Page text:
GMAT tips by Akhil Garg

akgargThe strategy to excel at GMAT will differ from person to person depending on individual’s strengths and weaknesses. At beginning of the preparation, a candidate should carefully evaluate his strong and weak areas by taking official GMAT Prep test.  Upon identifying the weak areas, candidates should make targeted efforts to work on the weak areas.

I found below resources to be good while doing my preparation for GMAT:

Quantitative section:

Questions in The Official Guide for GMAT Review and Manhattan test series cover the types of questions usually asked in GMAT. One of the common problems that I have noticed with my engineering background friends is that they become overconfident in this section and sometimes spend more than 10 minutes over a single question, and miss answering last few questions. Remember that GMAT penalizes you a lot for unanswered questions. You should make it a point not to spend more than 3-4 minutes over a problem if you are stuck. Many times you will find that you can easily discard 2-3 wrong choices, and as per the law of probability you stand a good chance of hitting correct answer.

Verbal section:

Sentence Correction – Many of the non-native English speakers find sentence correction section particularly challenging. But the good part is GMAT doesn’t test the whole gamut of Grammar rules. If you master few frequently tested rules, then you should be all set. Manhattan GMAT verbal guide has explained these frequently tested rules well. For practice, I found Official GMAT Guide, Manhattan test series and Kaplan GMAT 800: Advanced Prep for Advanced Students (Perfect Score Series) useful. It is also very much important that you read the explanations even if you get the questions correct. Many times an incorrect choice has more than one error. You may not be able to identify all the errors while solving the question, so reading explanations helps a lot.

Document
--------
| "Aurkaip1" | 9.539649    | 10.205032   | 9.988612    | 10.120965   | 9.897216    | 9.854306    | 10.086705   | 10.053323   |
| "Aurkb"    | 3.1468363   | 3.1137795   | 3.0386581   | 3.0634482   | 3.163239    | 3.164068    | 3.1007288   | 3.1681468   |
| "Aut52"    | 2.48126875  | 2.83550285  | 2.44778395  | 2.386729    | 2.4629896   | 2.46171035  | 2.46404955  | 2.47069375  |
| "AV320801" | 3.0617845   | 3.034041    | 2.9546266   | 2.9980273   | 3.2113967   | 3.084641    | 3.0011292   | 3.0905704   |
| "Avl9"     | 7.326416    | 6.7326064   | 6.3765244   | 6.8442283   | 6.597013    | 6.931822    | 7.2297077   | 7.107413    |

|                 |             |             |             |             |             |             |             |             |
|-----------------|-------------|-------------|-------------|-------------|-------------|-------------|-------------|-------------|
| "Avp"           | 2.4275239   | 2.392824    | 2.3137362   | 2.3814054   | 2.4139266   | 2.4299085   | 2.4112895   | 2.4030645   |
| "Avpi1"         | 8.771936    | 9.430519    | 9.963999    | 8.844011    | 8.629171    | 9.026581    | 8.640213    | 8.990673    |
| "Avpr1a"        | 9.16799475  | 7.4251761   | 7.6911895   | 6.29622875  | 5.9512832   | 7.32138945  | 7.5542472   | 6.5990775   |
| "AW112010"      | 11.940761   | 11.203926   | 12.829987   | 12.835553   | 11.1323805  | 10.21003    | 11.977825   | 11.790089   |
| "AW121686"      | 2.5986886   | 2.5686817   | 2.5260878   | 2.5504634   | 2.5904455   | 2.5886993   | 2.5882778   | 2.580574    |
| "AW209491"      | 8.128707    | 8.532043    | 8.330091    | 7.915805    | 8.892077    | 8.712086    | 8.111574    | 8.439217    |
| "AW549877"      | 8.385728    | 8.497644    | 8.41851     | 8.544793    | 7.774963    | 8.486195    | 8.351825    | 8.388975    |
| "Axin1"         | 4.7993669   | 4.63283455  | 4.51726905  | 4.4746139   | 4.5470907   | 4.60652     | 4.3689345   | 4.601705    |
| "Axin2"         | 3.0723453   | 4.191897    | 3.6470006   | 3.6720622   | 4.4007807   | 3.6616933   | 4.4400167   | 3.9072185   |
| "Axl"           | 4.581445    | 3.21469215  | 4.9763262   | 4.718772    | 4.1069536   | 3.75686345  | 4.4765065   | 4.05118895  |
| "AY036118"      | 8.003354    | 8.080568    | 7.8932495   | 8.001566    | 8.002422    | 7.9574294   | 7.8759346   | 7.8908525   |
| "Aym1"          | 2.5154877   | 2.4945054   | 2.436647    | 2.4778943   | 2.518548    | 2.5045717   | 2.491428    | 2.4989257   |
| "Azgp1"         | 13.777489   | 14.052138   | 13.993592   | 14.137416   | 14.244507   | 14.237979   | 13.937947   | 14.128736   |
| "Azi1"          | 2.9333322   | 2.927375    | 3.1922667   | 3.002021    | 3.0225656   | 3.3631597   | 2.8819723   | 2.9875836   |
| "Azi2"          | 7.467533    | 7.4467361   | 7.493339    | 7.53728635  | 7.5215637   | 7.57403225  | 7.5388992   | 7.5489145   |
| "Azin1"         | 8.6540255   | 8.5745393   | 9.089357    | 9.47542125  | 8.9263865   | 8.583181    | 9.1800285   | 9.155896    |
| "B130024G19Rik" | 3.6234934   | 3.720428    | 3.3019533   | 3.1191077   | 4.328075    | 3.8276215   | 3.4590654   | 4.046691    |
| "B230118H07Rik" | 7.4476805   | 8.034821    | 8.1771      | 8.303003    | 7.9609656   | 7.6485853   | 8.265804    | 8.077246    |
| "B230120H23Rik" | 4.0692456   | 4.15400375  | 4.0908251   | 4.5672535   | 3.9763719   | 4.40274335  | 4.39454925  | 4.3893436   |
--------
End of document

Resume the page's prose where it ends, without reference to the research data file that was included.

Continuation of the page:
Critical Reasoning – In the theory portion, Kaplan 800 has clearly explained different type of critical reasoning questions. For practice, Kaplan 800, Official GMAT Guide and Manhattan test series questions are good.

Reading Comprehension – I think practice from Official GMAT Guide and Manhattan test series questions should be sufficient.

Another good source of learning is Manhattan GMAT forum. Instructor Ron Purewal has explained few concepts very well in the discussion.

After all the preparation, the next hurdle is to convert the hard work into a good score. Try to write 5-10 GMAT tests. One of the challenges is to find good GMAT like tests. I found Manhattan GMAT tests are good proxy for GMAT tests.  Remember not to skip AWA section as it prepares you to slog for around 4 hours.

Good luck!

Akhil Garg
From India
GMAT Score 750 (Year 2010)
MBA from MIT Sloan School of Management, Class of 2013

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